An Interview with Amy Charkowski
How did you get involved with potato research?
I had an exceptional high school science teacher, Marilyn Hansen, who helped high school students find volunteer spots in laboratories at the University of Wisconsin-Madison. She connected me with Dr. Steve Slack, who used to work on potatoes at UW-Madison, and I volunteered in his lab for about a year. Mostly, I cut strips of parafilm to wrap around test tubes and other simple tasks, but it gave me the chance to ask lots of questions of the very tolerant people in the Slack lab and to learn what a career in plant sciences might be like.
I later worked with viral and bacterial pathogens that infect beans, tomatoes, and peppers as an undergraduate and graduate student. After graduate school, I started working for USDA in food safety research. I quickly realized that I missed working with plant diseases, so I started looking for a different job. Amazingly, Dr. Slack’s job was open at that time, and I ended up back with potatoes and leading the same program where I had my first job in science.
What does your research in potatoes focus on?
Initially, we focused on how bacteria cause disease in potato, specifically, how Pectobacterium causes potatoes to wilt and rot. As I learned more about potatoes and potato farming, it became clear that there was a need to learn more about how to grow potatoes on small organic farms, and how potatoes resist disease. My lab’s focus has shifted more toward trying to find environmentally friendly ways to control common potato diseases. The best way for farmers to control disease is to use resistant varieties. However, there is very little information available on which pests and diseases are most important for organic farmers in the Midwest and which varieties do the best on organic farms, so we decided to address parts of these questions. We still have a strong interest in Pectobacterium and bacterial soft rot, however, and are trying to map potato genes that provide resistance to this disease.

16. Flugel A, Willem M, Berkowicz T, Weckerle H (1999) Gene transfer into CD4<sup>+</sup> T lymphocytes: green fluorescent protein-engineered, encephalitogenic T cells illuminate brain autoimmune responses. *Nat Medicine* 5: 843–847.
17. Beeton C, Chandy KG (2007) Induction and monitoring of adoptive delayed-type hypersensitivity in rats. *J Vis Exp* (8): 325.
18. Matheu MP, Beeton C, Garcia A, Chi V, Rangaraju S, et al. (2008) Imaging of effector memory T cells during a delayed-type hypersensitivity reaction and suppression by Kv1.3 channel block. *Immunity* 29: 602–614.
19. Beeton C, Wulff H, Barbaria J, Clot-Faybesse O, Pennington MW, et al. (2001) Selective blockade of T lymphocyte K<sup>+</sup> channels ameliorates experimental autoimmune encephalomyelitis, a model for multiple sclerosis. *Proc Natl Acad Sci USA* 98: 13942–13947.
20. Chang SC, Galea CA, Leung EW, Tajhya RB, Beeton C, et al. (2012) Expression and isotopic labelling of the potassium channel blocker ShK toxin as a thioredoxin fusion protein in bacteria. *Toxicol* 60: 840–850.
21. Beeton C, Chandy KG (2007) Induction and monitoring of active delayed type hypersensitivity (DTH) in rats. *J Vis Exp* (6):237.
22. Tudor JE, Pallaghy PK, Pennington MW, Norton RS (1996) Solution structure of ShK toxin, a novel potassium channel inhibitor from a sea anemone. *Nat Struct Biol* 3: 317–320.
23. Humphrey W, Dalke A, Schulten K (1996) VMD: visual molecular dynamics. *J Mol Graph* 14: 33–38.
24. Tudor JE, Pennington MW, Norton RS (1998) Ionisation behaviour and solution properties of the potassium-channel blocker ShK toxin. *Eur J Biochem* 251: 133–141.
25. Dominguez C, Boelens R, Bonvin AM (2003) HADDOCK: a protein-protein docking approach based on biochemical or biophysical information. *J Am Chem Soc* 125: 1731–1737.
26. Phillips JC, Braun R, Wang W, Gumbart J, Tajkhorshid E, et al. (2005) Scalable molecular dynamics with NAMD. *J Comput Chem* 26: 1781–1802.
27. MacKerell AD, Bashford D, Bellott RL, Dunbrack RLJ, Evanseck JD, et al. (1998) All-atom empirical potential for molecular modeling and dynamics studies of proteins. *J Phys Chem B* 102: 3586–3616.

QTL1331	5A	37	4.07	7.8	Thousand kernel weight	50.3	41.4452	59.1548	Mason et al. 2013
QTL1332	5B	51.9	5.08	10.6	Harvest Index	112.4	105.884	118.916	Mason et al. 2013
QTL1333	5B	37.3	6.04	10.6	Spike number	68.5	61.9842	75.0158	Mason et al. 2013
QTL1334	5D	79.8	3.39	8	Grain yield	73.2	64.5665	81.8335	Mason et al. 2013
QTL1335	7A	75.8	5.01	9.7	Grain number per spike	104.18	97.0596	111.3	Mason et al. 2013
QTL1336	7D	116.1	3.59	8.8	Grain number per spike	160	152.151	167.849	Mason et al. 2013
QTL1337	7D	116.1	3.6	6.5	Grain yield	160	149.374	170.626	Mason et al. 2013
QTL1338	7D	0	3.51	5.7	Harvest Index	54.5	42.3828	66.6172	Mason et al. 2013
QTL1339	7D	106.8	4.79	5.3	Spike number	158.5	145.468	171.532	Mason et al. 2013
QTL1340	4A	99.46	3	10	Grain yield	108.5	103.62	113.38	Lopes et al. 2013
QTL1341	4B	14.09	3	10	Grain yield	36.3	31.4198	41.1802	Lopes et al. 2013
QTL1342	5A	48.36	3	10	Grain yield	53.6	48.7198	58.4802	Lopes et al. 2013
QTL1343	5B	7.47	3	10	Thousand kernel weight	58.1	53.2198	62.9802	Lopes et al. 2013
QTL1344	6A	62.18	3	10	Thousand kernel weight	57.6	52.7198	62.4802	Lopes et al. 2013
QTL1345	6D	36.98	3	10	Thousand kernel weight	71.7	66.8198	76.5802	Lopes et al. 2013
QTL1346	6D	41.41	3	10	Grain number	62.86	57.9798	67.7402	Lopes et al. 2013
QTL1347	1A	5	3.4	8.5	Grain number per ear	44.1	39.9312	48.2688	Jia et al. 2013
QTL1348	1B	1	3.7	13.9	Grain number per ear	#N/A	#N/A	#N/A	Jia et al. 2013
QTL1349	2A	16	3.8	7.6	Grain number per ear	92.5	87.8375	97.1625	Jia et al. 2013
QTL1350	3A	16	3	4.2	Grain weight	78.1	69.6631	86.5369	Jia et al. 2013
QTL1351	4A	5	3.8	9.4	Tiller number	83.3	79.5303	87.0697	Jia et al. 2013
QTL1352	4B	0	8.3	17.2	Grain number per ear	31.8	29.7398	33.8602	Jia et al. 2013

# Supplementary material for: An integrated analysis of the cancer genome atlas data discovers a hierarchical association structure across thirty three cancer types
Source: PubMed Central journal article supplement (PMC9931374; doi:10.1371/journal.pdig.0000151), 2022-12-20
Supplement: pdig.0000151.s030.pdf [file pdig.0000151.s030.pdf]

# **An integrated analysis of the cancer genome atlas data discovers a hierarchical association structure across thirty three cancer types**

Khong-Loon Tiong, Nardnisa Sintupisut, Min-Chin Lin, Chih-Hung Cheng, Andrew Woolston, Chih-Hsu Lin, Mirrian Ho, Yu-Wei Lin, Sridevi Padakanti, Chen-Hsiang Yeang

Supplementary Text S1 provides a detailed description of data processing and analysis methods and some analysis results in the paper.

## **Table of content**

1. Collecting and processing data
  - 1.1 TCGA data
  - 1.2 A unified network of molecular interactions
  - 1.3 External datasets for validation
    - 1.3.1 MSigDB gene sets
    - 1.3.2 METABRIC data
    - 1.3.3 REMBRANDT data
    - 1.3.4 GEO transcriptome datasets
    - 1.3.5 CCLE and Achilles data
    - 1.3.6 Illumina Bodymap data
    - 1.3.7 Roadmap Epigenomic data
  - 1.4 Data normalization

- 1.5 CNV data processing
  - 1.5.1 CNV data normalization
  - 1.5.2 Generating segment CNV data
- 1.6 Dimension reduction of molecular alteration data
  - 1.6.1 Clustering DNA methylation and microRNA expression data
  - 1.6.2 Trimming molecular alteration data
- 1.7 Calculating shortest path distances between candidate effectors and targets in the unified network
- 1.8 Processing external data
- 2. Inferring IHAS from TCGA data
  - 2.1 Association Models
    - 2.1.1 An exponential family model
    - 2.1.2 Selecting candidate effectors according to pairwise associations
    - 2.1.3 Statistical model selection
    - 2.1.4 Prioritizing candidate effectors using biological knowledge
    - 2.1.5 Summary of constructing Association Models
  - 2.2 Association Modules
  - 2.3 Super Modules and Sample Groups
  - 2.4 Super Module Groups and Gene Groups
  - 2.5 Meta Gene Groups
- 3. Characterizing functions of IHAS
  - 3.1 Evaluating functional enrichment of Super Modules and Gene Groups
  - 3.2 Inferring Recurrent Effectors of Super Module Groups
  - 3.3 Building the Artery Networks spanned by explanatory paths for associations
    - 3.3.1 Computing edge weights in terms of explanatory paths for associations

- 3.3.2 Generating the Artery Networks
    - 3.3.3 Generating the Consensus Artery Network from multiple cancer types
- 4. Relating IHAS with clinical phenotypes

There are many challenges! Potato genetics are complicated, and there have been relatively little investment and progress into understanding how different potato genes contribute to important characteristics compared to other major crops. Potatoes are also very sensitive to the environment that they are grown in, so yield and quality can vary tremendously from year to year and from location to location, particularly on organic farms.
The methods that potato breeders use have changed little in the past century. When you do things the same way for a long time, you get essentially the same results. Potato quality has improved, but there have been no significant changes in pest and disease resistance or yield when new and heirloom varieties are compared. For example, Russet Burbank is still one of the most popular varieties grown today, and it originated in the late 1800s.